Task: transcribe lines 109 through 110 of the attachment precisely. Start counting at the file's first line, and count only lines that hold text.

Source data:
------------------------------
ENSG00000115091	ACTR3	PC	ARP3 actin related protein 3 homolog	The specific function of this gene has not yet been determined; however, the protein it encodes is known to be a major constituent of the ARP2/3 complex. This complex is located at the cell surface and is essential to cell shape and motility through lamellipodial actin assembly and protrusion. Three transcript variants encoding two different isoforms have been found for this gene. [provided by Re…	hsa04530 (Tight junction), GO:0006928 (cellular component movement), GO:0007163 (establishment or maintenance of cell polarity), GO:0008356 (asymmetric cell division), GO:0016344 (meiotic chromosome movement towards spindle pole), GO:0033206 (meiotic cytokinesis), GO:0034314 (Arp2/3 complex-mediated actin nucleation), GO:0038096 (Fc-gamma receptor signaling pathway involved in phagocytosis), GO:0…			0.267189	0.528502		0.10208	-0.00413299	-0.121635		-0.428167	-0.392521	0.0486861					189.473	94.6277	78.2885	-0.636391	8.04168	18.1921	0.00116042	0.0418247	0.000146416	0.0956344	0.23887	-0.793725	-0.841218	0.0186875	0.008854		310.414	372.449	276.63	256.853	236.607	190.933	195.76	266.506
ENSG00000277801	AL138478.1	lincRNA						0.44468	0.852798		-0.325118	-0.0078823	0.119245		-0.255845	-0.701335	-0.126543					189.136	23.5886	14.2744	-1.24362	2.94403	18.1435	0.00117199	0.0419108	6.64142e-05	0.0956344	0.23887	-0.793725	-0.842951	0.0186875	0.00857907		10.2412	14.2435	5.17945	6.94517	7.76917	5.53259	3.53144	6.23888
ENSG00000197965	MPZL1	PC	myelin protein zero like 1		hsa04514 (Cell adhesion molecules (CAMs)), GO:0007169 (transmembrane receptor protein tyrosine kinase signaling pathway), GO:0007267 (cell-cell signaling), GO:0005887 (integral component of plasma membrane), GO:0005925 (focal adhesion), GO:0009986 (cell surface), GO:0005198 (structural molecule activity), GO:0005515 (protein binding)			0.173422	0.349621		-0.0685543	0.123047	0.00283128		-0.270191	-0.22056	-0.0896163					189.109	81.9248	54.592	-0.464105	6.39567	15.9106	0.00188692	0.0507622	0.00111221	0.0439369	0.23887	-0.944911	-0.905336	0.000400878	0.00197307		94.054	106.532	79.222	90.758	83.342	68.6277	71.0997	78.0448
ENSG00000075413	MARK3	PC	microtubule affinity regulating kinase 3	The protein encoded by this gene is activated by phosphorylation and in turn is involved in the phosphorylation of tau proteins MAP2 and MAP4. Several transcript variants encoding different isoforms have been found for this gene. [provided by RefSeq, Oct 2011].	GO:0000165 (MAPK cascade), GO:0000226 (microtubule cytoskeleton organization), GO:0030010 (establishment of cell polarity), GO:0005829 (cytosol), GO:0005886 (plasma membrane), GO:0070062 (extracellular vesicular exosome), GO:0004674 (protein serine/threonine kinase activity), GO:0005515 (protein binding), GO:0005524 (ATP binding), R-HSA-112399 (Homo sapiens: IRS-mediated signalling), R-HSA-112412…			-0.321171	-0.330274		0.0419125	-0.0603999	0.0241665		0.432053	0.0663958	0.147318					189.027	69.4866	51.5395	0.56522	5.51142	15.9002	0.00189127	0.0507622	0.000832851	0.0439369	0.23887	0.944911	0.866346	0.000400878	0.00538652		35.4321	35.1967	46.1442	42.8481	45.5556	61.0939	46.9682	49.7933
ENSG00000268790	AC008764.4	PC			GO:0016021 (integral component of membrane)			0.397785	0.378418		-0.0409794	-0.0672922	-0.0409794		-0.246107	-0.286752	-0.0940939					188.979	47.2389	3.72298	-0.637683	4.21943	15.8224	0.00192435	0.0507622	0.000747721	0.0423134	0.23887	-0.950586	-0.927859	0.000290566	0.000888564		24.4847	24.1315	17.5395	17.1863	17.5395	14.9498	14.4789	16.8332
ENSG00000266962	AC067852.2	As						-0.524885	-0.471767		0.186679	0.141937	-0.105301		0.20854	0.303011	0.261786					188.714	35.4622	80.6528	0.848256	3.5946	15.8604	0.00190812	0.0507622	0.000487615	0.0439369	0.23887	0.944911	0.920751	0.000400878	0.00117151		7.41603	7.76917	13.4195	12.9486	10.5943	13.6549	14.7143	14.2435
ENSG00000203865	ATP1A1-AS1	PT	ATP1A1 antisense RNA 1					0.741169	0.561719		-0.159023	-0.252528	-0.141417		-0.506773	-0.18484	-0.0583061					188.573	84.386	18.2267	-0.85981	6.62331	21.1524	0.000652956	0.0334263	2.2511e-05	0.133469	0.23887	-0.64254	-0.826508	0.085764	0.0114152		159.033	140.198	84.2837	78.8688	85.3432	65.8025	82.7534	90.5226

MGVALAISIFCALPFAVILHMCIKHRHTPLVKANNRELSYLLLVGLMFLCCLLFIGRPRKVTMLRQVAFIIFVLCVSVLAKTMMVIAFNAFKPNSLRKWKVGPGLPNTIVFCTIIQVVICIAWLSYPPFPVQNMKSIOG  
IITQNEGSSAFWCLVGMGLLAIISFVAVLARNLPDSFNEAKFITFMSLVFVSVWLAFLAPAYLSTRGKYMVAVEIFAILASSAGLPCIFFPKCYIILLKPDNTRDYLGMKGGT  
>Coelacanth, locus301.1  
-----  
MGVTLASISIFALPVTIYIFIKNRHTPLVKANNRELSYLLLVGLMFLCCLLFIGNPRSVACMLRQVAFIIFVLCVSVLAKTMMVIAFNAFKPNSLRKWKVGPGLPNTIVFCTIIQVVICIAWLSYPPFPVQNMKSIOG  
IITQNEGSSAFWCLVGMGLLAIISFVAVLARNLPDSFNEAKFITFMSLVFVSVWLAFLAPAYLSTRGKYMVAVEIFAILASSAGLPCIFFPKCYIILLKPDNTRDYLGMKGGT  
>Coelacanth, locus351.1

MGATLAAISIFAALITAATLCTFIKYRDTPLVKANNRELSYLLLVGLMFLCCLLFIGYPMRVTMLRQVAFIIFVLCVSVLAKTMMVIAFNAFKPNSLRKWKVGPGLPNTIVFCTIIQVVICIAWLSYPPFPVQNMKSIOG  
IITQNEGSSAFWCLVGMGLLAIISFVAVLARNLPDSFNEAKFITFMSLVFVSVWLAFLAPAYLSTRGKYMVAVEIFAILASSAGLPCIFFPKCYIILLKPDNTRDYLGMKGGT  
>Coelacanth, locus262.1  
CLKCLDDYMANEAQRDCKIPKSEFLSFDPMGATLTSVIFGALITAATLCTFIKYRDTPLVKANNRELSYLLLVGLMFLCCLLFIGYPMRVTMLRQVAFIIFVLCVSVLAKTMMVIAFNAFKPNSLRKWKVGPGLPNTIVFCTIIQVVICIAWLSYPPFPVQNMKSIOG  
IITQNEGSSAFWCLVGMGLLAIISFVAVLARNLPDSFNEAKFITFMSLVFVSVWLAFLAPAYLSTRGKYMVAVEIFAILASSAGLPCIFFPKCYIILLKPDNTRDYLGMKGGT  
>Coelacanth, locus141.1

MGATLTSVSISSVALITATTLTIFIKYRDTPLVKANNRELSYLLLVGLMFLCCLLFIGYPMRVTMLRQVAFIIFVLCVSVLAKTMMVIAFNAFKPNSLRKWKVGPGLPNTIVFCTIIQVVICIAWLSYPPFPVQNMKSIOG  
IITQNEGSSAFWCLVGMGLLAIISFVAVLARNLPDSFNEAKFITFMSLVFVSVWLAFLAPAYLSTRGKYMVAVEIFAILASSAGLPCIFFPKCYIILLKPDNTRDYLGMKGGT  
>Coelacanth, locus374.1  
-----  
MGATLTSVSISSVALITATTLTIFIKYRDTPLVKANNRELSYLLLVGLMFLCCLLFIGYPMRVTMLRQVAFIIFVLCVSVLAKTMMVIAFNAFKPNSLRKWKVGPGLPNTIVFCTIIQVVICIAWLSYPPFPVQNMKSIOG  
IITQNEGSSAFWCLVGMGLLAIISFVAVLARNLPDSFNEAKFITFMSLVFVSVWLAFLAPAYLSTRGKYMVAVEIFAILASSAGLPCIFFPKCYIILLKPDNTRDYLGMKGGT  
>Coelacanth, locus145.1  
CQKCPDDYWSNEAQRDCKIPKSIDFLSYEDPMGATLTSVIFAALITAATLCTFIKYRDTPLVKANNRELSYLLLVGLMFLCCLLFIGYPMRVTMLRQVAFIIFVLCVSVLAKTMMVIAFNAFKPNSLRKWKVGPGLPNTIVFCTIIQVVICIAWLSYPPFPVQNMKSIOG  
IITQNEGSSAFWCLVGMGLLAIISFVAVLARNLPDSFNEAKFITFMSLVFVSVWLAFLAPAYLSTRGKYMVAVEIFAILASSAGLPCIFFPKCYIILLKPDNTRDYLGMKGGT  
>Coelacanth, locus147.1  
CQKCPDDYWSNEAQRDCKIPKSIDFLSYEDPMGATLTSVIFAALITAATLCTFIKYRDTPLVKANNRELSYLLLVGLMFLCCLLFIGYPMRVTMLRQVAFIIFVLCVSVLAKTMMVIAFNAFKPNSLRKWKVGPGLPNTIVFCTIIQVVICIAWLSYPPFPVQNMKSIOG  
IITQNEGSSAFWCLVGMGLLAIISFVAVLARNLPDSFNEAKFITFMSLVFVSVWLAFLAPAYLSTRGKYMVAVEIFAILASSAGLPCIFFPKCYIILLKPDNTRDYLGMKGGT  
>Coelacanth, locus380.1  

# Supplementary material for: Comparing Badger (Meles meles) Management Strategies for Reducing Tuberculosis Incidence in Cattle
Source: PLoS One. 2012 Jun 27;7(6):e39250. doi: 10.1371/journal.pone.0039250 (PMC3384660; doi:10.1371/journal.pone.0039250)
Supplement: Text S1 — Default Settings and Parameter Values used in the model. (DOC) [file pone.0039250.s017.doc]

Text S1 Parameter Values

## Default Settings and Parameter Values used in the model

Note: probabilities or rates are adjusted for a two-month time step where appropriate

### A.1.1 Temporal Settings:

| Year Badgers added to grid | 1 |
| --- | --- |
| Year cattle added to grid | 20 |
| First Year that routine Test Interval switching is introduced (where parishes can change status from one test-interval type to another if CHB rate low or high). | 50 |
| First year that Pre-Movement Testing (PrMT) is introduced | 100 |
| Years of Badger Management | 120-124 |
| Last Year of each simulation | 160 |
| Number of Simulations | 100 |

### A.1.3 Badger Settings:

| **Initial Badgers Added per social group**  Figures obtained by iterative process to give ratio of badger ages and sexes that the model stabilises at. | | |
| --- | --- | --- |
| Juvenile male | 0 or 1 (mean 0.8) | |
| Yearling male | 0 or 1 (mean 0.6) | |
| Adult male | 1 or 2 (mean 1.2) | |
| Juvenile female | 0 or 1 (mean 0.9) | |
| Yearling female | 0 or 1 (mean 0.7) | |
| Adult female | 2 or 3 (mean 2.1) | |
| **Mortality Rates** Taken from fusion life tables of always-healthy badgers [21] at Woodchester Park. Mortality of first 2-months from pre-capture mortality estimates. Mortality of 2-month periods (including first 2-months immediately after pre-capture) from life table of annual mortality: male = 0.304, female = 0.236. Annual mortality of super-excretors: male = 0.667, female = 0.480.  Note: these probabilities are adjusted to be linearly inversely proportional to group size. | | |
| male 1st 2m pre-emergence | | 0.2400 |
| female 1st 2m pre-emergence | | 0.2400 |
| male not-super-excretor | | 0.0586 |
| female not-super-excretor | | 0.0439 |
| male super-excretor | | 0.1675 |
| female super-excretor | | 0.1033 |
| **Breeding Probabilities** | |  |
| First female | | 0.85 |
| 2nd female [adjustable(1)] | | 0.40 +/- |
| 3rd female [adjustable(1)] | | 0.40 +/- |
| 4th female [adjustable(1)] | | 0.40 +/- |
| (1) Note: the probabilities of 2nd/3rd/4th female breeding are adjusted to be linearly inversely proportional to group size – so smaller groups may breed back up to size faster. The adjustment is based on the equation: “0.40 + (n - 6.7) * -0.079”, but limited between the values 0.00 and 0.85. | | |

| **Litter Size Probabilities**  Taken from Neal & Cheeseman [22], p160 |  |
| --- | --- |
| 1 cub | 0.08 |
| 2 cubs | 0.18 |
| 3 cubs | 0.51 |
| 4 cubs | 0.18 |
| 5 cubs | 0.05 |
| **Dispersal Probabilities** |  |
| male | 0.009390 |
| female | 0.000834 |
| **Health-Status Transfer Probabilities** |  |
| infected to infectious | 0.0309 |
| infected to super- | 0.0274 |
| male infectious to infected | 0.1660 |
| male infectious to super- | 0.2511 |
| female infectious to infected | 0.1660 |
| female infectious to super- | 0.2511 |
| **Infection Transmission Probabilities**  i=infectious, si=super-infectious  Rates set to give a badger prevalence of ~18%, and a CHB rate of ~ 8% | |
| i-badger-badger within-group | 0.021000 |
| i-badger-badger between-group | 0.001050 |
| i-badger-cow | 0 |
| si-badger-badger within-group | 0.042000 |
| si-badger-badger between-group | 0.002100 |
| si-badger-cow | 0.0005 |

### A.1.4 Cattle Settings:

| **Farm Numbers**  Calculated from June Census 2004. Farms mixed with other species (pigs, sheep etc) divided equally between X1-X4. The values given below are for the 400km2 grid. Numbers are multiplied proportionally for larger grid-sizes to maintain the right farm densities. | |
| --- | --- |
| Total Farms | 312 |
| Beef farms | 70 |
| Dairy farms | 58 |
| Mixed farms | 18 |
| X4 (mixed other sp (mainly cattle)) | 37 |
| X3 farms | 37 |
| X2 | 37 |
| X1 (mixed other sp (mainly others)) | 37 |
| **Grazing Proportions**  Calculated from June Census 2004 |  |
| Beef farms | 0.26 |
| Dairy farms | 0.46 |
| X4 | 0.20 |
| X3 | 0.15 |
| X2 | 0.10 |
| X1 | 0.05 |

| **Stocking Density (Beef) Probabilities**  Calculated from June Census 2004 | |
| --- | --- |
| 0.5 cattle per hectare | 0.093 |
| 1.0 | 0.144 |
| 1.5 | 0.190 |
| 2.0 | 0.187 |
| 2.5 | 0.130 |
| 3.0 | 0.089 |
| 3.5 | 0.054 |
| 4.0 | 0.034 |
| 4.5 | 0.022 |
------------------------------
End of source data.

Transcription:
| X4 | 0.20 |
| X3 | 0.15 |